To error on the side of being very conservative, you can use a 3% equity growth per year.  If you wanted to be aggressive when considering your ability to afford a mortgage, use a 5% growth in equity every year.

Adding your principal reduction and equity growth together, and your net worth increases in most months.  Of course, if home values decrease, then you’re playing the market, and you’re subject to the future value in your local market.

Pillar 4: Leverage

Leverage is probably one of the most powerful tools you can use when investing.  Essentially leverage means that you invest a very small amount, like 3% to 5% of the purchase price, and you own an asset worth tens to hundreds of thousands of dollars.

All you have to do to protect this investment is to continue to make your payments on the loan.

Even if your home doesn’t appreciate one dollar over 30 years, your $15,000 investment (5% of $300,000) has given you a return of $285,000!

Where else can you invest $15,000 and get a return of $285,000 with almost no risk?  I say there is almost no risk because this is assuming that your home’s value does not increase one red cent in 30 years.

What are the chances of you seeing no equity growth in 30 years?  I’m going to go out on a limb and say that it has never, and never will happen.

Are You Using a Mortgage Credit Certificate?

This is a secret weapon that few loan officers will tell you about, or know about, in my experience anyways.

A mortgage credit certificate may be available in your State or County, and you should research it. An MCC is the gift that keeps giving for as long as the term of the original loan*.

Here’s how it works:

  • Let’s say you have a mortgage credit certificate at 20%
  • This means that your taxable mortgage interest deduction is reduced by 20%
  • This 20% now represents a dollar for dollar tax credit (not deduction) for as long as you own the home*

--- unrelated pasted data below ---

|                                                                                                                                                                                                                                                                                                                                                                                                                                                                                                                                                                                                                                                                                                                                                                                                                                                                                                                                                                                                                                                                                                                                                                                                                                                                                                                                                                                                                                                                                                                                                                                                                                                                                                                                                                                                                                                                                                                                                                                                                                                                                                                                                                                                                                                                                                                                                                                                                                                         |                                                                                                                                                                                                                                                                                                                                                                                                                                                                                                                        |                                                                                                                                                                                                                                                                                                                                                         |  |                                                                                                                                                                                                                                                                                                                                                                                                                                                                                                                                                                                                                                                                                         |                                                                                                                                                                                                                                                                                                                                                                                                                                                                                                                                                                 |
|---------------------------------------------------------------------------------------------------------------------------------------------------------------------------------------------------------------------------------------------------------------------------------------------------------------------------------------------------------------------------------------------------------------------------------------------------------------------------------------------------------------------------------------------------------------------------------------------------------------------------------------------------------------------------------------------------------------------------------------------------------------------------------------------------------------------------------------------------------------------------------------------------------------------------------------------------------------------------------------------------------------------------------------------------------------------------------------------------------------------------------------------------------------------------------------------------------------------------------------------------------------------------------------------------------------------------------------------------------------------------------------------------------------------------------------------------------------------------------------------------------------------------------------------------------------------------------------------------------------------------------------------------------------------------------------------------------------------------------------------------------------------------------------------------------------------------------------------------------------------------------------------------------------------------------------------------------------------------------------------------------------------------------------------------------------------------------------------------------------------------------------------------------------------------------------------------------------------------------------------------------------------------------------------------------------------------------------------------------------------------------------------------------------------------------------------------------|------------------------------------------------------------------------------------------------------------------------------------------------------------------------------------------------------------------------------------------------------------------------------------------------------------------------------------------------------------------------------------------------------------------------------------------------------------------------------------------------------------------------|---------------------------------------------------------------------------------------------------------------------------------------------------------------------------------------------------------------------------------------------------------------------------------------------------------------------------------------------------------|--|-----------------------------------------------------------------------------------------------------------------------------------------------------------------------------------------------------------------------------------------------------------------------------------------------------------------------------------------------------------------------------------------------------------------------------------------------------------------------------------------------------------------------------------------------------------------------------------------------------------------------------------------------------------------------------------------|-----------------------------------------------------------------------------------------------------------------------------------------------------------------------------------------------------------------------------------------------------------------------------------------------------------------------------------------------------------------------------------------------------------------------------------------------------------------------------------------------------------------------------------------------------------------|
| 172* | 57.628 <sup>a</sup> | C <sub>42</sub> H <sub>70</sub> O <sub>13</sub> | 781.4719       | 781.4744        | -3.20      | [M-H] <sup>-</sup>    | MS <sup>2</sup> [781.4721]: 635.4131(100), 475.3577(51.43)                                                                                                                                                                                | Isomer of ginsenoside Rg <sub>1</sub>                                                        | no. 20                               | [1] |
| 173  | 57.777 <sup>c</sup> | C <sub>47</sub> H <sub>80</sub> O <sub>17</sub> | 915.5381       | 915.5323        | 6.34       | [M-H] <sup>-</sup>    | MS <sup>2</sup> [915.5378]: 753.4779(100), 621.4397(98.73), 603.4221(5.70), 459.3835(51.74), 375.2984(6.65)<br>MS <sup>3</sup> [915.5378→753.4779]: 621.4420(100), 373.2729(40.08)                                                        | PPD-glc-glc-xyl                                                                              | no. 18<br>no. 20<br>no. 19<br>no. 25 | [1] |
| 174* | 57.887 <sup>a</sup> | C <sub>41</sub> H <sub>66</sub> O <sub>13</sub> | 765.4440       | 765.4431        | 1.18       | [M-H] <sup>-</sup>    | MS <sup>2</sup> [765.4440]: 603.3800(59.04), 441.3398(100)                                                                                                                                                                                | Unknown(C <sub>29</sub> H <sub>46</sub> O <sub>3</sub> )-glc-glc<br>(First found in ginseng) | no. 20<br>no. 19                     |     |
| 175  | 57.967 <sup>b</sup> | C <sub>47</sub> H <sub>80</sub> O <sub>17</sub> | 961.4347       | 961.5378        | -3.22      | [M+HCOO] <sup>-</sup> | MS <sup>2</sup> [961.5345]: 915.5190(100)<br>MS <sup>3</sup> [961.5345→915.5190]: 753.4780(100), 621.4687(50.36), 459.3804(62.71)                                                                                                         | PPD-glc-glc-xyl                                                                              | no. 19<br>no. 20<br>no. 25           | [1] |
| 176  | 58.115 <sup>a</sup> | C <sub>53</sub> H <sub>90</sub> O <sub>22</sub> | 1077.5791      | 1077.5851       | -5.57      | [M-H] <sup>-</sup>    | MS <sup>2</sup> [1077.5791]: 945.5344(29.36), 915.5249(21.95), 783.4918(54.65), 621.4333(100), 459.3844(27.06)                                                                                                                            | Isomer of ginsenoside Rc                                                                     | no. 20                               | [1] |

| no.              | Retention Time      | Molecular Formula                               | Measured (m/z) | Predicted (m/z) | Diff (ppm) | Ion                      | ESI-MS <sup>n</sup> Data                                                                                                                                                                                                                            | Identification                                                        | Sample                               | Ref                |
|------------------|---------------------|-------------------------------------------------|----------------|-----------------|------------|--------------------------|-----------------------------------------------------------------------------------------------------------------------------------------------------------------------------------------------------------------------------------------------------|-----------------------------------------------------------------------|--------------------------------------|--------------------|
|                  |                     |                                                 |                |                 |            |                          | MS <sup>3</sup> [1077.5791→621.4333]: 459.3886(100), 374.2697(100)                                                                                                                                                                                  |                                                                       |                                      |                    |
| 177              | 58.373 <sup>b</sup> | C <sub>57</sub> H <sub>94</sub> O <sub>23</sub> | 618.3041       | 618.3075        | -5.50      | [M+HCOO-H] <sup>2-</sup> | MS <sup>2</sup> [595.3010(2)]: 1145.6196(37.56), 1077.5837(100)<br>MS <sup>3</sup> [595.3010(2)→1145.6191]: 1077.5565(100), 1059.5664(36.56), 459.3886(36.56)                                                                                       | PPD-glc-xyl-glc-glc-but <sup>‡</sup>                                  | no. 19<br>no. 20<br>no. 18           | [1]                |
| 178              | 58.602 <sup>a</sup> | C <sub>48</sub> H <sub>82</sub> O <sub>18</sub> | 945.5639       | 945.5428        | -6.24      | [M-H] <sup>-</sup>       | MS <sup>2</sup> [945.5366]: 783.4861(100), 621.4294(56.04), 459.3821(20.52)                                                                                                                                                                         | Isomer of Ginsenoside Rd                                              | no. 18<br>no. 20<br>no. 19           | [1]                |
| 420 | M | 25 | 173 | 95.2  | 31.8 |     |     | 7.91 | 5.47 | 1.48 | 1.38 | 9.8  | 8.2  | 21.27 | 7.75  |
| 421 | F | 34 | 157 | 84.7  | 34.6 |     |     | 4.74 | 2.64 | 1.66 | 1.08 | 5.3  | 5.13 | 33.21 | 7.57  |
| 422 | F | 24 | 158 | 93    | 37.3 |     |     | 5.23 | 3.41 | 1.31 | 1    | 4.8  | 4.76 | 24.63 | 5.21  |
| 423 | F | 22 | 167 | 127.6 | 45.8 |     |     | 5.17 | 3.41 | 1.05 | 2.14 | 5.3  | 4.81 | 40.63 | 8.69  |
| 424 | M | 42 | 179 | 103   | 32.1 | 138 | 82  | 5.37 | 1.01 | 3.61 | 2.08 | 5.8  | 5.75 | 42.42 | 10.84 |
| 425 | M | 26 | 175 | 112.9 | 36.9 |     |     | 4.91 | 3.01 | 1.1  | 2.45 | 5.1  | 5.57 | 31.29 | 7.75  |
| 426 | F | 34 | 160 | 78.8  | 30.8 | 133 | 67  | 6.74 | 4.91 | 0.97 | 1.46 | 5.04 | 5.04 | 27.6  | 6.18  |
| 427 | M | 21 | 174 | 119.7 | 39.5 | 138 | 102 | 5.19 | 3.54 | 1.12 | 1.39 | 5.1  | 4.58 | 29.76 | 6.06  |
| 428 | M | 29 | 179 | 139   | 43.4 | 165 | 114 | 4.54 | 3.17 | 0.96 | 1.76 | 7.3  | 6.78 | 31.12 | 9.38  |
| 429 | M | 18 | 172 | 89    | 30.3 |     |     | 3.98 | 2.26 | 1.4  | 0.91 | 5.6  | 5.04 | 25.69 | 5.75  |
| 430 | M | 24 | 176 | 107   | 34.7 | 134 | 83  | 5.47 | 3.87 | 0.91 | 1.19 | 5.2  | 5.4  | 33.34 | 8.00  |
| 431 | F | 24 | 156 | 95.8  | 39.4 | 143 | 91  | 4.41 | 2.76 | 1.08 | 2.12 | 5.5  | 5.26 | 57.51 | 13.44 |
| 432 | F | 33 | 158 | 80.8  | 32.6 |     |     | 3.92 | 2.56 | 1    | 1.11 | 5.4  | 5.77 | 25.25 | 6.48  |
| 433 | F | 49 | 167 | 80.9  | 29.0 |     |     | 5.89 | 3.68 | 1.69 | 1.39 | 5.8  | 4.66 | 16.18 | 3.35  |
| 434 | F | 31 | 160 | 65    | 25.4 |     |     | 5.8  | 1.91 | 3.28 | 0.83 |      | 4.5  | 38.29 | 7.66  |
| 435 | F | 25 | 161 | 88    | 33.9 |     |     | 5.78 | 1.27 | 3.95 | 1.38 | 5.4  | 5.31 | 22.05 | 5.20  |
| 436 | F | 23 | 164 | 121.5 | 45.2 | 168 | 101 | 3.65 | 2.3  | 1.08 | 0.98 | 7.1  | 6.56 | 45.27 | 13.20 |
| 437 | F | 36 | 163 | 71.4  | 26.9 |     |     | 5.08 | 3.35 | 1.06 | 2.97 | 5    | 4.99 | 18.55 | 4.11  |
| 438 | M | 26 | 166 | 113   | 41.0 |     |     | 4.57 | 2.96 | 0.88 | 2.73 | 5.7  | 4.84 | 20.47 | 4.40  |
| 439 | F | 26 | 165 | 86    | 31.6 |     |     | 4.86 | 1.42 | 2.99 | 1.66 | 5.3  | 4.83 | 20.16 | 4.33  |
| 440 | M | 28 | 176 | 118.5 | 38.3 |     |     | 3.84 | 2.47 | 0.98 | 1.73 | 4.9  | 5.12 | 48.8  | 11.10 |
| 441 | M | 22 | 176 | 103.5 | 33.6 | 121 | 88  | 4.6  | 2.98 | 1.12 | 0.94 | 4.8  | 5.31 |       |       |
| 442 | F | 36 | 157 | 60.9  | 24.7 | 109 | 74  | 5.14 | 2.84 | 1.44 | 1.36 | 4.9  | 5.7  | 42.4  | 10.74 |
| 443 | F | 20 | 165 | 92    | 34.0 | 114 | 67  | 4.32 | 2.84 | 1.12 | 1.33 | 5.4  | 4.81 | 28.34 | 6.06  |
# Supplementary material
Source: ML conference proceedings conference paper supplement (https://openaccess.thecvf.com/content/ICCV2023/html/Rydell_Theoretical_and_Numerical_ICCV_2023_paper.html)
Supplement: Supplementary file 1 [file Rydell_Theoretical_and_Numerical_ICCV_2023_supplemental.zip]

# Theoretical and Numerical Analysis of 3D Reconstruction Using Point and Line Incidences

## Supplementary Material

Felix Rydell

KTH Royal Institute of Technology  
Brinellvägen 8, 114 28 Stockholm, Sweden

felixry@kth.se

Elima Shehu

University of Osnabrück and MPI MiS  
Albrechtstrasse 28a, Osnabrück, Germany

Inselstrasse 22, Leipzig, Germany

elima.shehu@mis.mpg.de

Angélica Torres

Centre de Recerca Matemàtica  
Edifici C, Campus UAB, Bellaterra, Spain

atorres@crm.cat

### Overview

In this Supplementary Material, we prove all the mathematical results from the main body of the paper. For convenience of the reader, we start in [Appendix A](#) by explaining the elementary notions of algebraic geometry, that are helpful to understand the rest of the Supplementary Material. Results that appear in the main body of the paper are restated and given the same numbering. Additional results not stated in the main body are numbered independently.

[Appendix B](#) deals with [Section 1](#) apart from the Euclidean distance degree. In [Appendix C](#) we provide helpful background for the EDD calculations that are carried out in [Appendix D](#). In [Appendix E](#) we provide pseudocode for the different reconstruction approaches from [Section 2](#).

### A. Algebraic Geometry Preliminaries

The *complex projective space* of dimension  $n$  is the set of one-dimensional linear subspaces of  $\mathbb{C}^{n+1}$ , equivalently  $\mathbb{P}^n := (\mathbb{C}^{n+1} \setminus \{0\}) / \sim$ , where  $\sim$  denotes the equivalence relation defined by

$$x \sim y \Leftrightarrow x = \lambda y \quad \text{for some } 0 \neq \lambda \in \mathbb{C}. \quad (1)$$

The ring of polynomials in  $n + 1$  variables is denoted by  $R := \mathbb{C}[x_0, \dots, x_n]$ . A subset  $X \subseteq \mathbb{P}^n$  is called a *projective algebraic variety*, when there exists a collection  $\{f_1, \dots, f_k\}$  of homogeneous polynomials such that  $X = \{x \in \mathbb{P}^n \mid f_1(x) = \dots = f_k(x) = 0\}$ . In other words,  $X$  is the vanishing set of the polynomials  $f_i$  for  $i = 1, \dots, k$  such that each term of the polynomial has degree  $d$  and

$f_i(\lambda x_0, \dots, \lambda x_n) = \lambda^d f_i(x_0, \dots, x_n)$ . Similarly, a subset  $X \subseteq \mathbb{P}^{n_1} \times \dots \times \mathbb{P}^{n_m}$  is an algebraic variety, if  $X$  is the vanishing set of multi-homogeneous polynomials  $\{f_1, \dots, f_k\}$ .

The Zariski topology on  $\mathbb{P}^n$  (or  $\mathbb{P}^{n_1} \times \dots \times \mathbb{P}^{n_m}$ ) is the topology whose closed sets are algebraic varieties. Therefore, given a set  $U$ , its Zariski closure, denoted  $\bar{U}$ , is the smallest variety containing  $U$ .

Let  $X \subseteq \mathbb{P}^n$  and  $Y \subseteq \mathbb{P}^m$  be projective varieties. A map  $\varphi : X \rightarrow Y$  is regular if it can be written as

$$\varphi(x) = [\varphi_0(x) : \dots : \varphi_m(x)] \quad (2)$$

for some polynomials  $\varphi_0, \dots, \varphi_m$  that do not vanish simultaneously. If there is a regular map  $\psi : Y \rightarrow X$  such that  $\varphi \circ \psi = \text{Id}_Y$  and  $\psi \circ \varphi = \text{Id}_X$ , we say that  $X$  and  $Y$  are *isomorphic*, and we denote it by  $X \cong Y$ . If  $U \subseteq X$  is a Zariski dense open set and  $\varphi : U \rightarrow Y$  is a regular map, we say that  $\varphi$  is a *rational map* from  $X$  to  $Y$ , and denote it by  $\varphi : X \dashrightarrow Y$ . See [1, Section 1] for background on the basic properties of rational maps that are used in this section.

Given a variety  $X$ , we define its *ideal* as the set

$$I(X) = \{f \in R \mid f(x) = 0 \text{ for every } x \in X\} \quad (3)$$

Let’s use the numbers in Pillar #4: Leverage

  • Purchase price is $300,000
  • You have a 5% down payment
  • The loan amount is $285,000 on a conventional loan
  • Your interest rate is 4%
  • Your annual mortgage interest tax deduction is $11,400 (interest paid on loan)
  • Your taxable income is reduced by 80% of your total $11,400 interest deduction
  • The Mortgage Credit Certificate is 20% of your interest deduction
  • $2,280 (20%) goes directly toward paying taxes that are owed.  If you usually get money back at the end of the year, now you’re getting more back, simply for being a home owner.

* terms and conditions of your local MCC program may vary, this is just an example of an MCC program we have in California.

In some States, you can only apply for a MCC at the time of the purchase of your first home.  So if you are not aware of it, imagine the thousands you would be losing in tax breaks over the live of your loan.

Why don’t you hear more about mortgage credit certificates?  My only guess can be that they require a little extra paperwork by the lender, and nobody gets paid from you getting a tax credit

Starting Off on the Right Foot

Using the right loan officer to get pre-qualified for your home loan is the absolute best way possible to find out what your can afford as a mortgage payment.

Choosing the right loan officer, and assuming that this loan officer is working for a great lender or broker, is the absolute key to having a hassle free first time home buyer experience.

You want to go with those seasoned professionals that still exists out there, that get much of their business from referrals and cannot afford fancy TV or radio ads or sports stadiums.

Feel free to reach out if you would like an introduction to a loan officer that can help in your State.  I have a close group of expert lender friends that cover all 50 States.  They know what they’re doing, and they’ll treat you like their only client.

You can reach me by clicking on the Questions? prompt.  Or you can leave a comment or question as described below.

Getting Your Questions Answered

All lenders are not created equal.  Most of the readers that find this site because they’ve been researching solutions to challenges, and have been told 10 different things by 10 different loan officers.

We’ve created this resource to help you sift through the endless opinions and articles that may, or may not directly answer your question correctly.

There are several ways to ask questions, and get expert opinions on this website.

  • Submit a Question:  On the bottom of this page, you’ll see a prompt that allows you to ask questions.  These questions come directly to me and are answered very quickly.
  • Leave a Comment:  Below every article is the option to leave a comment or question.  We see these comments and questions in real-time and the always answered, usually pretty quickly.

In addition to researching your questions and providing you with expert advice, I can also introduce you to a lender friend that I know has experience with your specific situation and can help.

About Your Expert

Scott Schang

As a 19 year veteran of the Mortgage and Real Estate industry, I am passionate about educating and empowering consumers. I have been writing about consumer protection issues, and making sense of complicated real estate and mortgage topics on this website since 2007